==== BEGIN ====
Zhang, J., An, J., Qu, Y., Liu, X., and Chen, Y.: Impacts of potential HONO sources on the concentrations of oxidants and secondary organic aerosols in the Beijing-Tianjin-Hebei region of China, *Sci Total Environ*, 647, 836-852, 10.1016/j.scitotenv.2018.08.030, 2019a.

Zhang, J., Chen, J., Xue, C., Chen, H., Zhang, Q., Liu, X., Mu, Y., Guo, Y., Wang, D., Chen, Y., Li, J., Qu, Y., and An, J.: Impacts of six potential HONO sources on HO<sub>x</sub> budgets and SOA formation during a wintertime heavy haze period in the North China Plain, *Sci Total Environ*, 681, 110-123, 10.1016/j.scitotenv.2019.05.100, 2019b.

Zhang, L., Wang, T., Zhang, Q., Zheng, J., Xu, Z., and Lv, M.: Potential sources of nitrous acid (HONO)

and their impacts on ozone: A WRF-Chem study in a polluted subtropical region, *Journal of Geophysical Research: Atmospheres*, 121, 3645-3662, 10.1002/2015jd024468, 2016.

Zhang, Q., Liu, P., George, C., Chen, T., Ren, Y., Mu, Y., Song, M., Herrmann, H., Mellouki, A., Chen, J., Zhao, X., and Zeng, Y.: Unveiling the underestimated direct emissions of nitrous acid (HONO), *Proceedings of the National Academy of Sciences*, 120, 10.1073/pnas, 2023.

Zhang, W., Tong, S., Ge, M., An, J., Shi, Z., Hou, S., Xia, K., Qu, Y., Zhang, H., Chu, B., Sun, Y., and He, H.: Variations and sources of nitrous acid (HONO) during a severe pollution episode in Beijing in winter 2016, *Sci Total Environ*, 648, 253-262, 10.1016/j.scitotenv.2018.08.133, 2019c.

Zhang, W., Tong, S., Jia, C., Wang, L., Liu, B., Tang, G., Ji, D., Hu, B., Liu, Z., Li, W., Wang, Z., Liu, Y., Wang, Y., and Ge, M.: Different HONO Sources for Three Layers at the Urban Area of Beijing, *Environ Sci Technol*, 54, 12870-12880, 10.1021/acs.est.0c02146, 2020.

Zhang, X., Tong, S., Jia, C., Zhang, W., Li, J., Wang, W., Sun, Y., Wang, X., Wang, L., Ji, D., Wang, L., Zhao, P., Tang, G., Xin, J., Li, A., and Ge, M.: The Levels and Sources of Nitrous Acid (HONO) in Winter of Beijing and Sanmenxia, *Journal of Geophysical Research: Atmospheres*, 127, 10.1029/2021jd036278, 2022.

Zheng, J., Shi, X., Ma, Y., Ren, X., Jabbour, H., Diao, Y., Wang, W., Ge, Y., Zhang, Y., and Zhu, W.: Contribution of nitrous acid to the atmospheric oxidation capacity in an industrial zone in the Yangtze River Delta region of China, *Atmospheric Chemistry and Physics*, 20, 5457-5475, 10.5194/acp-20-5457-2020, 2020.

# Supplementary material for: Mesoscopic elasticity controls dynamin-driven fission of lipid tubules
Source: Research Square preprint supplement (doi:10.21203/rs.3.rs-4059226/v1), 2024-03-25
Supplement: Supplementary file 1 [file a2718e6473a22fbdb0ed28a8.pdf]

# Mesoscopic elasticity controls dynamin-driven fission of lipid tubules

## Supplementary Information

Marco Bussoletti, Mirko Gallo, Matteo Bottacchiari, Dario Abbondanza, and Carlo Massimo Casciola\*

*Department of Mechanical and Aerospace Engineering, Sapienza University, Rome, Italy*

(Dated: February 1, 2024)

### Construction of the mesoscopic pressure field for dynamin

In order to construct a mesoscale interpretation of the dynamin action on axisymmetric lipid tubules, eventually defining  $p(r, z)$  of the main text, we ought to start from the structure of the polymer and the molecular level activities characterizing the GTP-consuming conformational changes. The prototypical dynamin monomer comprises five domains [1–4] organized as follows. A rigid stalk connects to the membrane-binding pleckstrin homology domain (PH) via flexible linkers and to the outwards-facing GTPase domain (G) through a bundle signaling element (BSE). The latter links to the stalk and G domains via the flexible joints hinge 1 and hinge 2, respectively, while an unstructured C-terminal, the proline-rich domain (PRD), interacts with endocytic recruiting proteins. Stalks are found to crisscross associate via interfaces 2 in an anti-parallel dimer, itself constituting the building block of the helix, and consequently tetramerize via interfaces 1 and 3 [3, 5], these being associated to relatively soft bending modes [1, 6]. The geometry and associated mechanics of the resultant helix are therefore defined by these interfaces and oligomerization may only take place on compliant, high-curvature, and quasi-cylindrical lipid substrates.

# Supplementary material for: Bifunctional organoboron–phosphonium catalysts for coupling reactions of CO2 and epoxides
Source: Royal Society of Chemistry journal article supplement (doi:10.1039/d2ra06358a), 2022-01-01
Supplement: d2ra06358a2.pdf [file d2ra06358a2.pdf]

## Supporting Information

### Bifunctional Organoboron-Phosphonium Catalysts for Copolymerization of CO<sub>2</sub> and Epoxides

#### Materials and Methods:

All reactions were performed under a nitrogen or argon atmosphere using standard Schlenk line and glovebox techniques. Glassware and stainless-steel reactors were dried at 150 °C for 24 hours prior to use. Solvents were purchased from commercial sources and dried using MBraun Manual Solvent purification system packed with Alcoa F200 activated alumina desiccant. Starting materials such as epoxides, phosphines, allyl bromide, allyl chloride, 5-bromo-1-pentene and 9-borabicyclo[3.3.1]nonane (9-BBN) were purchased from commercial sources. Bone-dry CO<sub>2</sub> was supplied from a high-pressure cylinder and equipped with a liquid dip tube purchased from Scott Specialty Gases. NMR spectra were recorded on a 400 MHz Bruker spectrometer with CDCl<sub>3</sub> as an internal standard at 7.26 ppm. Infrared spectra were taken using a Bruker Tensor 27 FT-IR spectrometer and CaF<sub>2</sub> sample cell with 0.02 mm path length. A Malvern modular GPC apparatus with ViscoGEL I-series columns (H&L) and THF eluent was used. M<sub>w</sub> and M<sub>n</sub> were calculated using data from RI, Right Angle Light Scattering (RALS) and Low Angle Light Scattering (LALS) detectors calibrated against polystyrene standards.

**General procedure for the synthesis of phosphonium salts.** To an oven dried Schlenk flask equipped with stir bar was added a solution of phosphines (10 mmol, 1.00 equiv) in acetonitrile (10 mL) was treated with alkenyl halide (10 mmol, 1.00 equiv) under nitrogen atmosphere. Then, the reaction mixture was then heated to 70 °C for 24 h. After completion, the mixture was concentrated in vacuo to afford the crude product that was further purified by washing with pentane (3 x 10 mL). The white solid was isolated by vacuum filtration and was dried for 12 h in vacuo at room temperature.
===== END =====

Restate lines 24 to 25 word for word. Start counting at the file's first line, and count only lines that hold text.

### Bifunctional Organoboron-Phosphonium Catalysts for Copolymerization of CO<sub>2</sub> and Epoxides

#### Materials and Methods: